WikiLeaks founder Julian Assange says he will leave Ecuadoran Embassy ‘soon’

WikiLeaks founder Julian Assange cites health reasons for his decision to "soon" leave the Ecuadoran embassy in London where he's spent the last two years. (Reuters)

WikiLeaks founder Julian Assange said Monday he would “soon” be leaving the Ecuadoran Embassy in London, where he took refuge more than two years ago to avoid extradition to Sweden to face questioning for alleged sexual assaults.

But in a lengthy statement to reporters at the embassy, Assange did not give any indication of the exact timing or circumstances of his exit. And a WikiLeaks spokesman, Kristinn Hrafnsson, later clarified that Assange’s comments had been “a declaration of hope rather than a declaration that he would be walking out of the embassy.”

Hrafnsson said Assange would leave when British authorities “grant him safe passage to the airport and to Ecuador,” something the government here has repeatedly said it is unwilling to do.

A Foreign Office spokeswoman, speaking under the customary terms of anonymity, reiterated that stance Monday, saying, “We are clear that our laws must be followed and that Mr. Assange should be extradited to Sweden.”

By speaking to the media Monday, Assange may have been hoping to gain leverage in negotiations that have been locked in a stalemate for two years. Assange cited recent changes to British law that could protect him from extradition because charges in Sweden have not yet been filed. But a Home Office spokeswoman said that the legal changes were not retroactive and that Assange had “exhausted all appeal avenues.”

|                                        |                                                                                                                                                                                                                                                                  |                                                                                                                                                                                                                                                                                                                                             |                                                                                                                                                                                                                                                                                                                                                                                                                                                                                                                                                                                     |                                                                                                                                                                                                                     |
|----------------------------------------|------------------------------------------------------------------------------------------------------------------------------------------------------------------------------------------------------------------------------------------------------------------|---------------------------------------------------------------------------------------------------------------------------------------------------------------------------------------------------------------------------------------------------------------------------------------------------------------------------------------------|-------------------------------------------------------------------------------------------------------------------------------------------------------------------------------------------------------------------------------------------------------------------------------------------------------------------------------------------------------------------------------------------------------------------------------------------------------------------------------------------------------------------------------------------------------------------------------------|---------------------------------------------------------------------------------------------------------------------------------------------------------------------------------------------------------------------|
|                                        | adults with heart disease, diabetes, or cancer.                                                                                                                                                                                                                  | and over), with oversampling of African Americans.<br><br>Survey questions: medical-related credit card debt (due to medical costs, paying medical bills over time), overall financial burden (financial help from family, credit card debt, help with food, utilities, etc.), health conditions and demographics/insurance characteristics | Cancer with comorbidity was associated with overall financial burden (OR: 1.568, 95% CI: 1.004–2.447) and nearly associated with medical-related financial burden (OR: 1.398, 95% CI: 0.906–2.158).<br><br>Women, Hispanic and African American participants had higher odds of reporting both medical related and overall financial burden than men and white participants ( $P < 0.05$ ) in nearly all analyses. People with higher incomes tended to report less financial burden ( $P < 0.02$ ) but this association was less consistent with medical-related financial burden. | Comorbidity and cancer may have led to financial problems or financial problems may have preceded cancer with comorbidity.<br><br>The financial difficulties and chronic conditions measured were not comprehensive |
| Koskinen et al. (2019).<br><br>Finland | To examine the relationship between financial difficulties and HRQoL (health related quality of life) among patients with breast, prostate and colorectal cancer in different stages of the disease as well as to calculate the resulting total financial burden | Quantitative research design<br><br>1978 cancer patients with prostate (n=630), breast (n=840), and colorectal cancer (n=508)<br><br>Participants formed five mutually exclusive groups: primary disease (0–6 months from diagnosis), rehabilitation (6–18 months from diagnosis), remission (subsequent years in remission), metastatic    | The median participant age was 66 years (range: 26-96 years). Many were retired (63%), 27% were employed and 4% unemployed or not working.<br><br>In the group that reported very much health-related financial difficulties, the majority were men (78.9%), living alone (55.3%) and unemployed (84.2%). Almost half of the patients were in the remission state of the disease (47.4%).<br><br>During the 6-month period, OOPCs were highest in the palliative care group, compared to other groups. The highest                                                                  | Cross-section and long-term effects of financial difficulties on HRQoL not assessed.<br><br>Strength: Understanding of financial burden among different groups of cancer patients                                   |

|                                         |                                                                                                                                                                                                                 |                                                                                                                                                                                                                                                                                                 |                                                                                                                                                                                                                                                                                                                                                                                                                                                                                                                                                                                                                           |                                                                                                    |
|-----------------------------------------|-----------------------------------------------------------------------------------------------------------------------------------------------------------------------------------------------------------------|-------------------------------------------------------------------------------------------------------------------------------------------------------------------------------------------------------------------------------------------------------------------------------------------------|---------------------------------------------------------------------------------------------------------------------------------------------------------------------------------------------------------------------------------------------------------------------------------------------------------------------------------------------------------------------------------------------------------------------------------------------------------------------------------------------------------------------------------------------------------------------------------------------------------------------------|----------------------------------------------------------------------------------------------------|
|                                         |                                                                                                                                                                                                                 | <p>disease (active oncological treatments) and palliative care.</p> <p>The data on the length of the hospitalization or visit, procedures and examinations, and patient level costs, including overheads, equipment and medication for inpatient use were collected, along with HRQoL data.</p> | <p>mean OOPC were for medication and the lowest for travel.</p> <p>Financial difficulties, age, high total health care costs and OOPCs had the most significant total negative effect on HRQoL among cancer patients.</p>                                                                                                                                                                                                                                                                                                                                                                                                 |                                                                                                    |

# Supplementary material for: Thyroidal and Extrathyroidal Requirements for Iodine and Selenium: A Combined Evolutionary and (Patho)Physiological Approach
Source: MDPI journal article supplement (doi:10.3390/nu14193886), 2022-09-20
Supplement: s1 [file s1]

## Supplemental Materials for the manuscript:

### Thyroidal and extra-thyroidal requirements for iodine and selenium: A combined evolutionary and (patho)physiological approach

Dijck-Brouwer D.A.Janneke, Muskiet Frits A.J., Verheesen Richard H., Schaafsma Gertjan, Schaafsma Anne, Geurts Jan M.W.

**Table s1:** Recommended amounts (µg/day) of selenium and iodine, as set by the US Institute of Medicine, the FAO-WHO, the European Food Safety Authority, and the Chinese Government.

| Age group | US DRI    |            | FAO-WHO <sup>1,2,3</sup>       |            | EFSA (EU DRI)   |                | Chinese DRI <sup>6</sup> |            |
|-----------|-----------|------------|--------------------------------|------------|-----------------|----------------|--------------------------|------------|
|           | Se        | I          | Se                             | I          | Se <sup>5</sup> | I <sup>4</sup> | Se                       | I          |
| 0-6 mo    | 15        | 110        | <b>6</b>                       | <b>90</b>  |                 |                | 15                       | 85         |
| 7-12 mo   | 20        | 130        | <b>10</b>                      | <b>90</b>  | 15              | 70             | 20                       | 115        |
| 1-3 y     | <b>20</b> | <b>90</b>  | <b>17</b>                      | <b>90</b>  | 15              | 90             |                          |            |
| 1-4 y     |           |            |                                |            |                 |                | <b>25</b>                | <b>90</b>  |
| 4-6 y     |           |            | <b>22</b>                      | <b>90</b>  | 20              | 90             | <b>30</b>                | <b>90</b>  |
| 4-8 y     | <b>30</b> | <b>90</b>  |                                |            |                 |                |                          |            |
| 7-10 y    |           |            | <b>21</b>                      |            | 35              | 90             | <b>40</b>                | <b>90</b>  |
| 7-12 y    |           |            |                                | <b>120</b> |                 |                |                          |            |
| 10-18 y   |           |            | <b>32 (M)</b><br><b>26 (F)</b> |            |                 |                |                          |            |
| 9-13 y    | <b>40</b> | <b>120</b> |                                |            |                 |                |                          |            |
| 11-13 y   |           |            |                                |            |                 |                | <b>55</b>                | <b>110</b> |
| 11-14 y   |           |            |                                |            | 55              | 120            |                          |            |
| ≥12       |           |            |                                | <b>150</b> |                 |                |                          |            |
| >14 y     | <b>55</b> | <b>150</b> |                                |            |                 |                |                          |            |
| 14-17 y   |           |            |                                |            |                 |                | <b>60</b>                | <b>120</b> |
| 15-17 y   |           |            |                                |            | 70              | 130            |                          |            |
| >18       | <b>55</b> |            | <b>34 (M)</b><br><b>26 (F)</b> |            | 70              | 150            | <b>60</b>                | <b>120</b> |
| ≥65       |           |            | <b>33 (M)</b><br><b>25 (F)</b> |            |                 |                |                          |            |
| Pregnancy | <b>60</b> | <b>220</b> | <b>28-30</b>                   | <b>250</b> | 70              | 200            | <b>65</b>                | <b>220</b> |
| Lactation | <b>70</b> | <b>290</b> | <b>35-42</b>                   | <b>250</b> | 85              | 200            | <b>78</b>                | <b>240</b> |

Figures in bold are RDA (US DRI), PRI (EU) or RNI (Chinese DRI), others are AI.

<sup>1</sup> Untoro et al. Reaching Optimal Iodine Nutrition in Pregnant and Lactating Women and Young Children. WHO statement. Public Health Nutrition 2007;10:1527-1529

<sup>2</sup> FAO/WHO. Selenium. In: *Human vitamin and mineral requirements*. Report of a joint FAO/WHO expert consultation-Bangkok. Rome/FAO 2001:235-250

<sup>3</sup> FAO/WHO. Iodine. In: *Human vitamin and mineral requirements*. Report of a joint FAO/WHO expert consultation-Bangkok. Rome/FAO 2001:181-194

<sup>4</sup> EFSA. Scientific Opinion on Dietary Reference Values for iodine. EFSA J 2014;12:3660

British press reports have suggested in recent days that Assange is in poor health and needs urgent medical treatment for heart and lung conditions. Assange, who appeared subdued and halting in his statement alongside the Ecuadoran foreign minister, acknowledged that two years in the embassy, without access to outdoor spaces or exposure to sunlight, had “caused certain difficulties.”

Since June 2012, Assange has been holed up in a small embassy apartment, vowing to defy what he describes as an international effort to persecute him for his role in releasing a vast trove of classified U.S. government documents. Although Assange has been granted asylum by Ecuador, British police guard the embassy round the clock and say he will be arrested if he leaves the embassy grounds.

Assange has long been sought in Sweden for questioning based on two women’s allegations of sexual assault. The 43-year-old Australian said Monday he believes that Sweden intends to send him on to the United States, where the Justice Department has been investigating his role in leaking the government documents, many of which relate to the Iraq and Afghanistan wars.

Pfc. Bradley Manning, a former army intelligence analyst, was sentenced by a U.S. military judge to 35 years in prison last year for providing the documents to WikiLeaks. The day after sentencing, Manning adopted the name Chelsea Manning and announced that he wanted to be identified as a woman.

Ecuador’s foreign minister, Ricardo Patino, said Monday he would seek a meeting with his British counterpart to discuss Assange’s attempts to win safe passage out of the embassy. Patino said Assange would continue to be offered Ecuador’s “protection,” and he denounced what he described as “a serious breach of Julian Assange’s human rights.”

The Foreign Office spokeswoman said British Foreign Secretary Philip Hammond has “no plans to speak to the Ecuadoran foreign minister.”

Griff Witte is The Post’s London bureau chief. He previously served as the paper’s deputy foreign editor and as the bureau chief in Kabul, Islamabad and Jerusalem.
Karla Adam is a reporter in the Washington Post’s London bureau. Before joining the Post in 2006, she worked as a freelancer in London for the New York Times and People magazine.
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